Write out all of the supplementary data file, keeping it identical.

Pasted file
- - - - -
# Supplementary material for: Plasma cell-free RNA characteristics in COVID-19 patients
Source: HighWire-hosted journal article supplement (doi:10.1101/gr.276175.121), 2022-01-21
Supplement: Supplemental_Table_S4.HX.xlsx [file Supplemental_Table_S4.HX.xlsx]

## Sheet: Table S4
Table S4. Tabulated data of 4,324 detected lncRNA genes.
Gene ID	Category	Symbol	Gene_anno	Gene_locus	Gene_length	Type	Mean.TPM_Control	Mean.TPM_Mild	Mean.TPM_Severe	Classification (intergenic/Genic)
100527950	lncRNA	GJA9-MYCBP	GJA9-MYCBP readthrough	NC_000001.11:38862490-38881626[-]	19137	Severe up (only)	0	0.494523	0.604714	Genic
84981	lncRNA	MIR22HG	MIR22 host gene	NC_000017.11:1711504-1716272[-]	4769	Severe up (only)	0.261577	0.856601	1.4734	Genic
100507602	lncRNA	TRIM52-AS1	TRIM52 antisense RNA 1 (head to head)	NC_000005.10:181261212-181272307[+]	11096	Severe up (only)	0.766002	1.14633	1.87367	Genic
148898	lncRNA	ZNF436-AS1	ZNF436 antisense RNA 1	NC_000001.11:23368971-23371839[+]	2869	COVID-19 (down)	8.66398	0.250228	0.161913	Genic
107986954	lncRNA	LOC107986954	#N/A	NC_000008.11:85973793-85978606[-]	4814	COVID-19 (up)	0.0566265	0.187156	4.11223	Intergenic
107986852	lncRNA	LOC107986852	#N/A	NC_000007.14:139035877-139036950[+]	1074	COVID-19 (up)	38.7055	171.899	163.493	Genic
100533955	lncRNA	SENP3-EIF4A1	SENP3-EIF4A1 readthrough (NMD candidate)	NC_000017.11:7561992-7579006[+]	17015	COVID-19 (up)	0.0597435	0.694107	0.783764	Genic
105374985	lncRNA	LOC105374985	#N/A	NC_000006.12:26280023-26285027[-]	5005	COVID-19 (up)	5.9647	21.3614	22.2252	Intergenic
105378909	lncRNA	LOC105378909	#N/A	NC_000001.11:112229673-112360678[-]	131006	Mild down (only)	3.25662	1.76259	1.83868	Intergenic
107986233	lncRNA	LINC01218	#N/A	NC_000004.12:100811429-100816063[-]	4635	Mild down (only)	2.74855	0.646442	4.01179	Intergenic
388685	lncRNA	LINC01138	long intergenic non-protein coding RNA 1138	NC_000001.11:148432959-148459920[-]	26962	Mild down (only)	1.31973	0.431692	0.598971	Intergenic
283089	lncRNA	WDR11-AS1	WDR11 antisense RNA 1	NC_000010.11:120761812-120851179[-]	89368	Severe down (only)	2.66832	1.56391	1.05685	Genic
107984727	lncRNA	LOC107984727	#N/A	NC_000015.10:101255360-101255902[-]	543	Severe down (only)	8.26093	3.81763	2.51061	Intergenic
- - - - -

# Supplementary material for: Plasma cell-free RNA characteristics in COVID-19 patients
Source: HighWire-hosted journal article supplement (doi:10.1101/gr.276175.121), 2022-01-21
Supplement: Supplemental_Table_S4.HX.xlsx [file Supplemental_Table_S4.HX.xlsx]

## Sheet: Table S4
Table S4. Tabulated data of 4,324 detected lncRNA genes.
Gene ID	Category	Symbol	Gene_anno	Gene_locus	Gene_length	Type	Mean.TPM_Control	Mean.TPM_Mild	Mean.TPM_Severe	Classification (intergenic/Genic)
100527950	lncRNA	GJA9-MYCBP	GJA9-MYCBP readthrough	NC_000001.11:38862490-38881626[-]	19137	Severe up (only)	0	0.494523	0.604714	Genic
84981	lncRNA	MIR22HG	MIR22 host gene	NC_000017.11:1711504-1716272[-]	4769	Severe up (only)	0.261577	0.856601	1.4734	Genic
100507602	lncRNA	TRIM52-AS1	TRIM52 antisense RNA 1 (head to head)	NC_000005.10:181261212-181272307[+]	11096	Severe up (only)	0.766002	1.14633	1.87367	Genic
148898	lncRNA	ZNF436-AS1	ZNF436 antisense RNA 1	NC_000001.11:23368971-23371839[+]	2869	COVID-19 (down)	8.66398	0.250228	0.161913	Genic
107986954	lncRNA	LOC107986954	#N/A	NC_000008.11:85973793-85978606[-]	4814	COVID-19 (up)	0.0566265	0.187156	4.11223	Intergenic
107986852	lncRNA	LOC107986852	#N/A	NC_000007.14:139035877-139036950[+]	1074	COVID-19 (up)	38.7055	171.899	163.493	Genic
100533955	lncRNA	SENP3-EIF4A1	SENP3-EIF4A1 readthrough (NMD candidate)	NC_000017.11:7561992-7579006[+]	17015	COVID-19 (up)	0.0597435	0.694107	0.783764	Genic
105374985	lncRNA	LOC105374985	#N/A	NC_000006.12:26280023-26285027[-]	5005	COVID-19 (up)	5.9647	21.3614	22.2252	Intergenic
105378909	lncRNA	LOC105378909	#N/A	NC_000001.11:112229673-112360678[-]	131006	Mild down (only)	3.25662	1.76259	1.83868	Intergenic
107986233	lncRNA	LINC01218	#N/A	NC_000004.12:100811429-100816063[-]	4635	Mild down (only)	2.74855	0.646442	4.01179	Intergenic
388685	lncRNA	LINC01138	long intergenic non-protein coding RNA 1138	NC_000001.11:148432959-148459920[-]	26962	Mild down (only)	1.31973	0.431692	0.598971	Intergenic
283089	lncRNA	WDR11-AS1	WDR11 antisense RNA 1	NC_000010.11:120761812-120851179[-]	89368	Severe down (only)	2.66832	1.56391	1.05685	Genic
107984727	lncRNA	LOC107984727	#N/A	NC_000015.10:101255360-101255902[-]	543	Severe down (only)	8.26093	3.81763	2.51061	Intergenic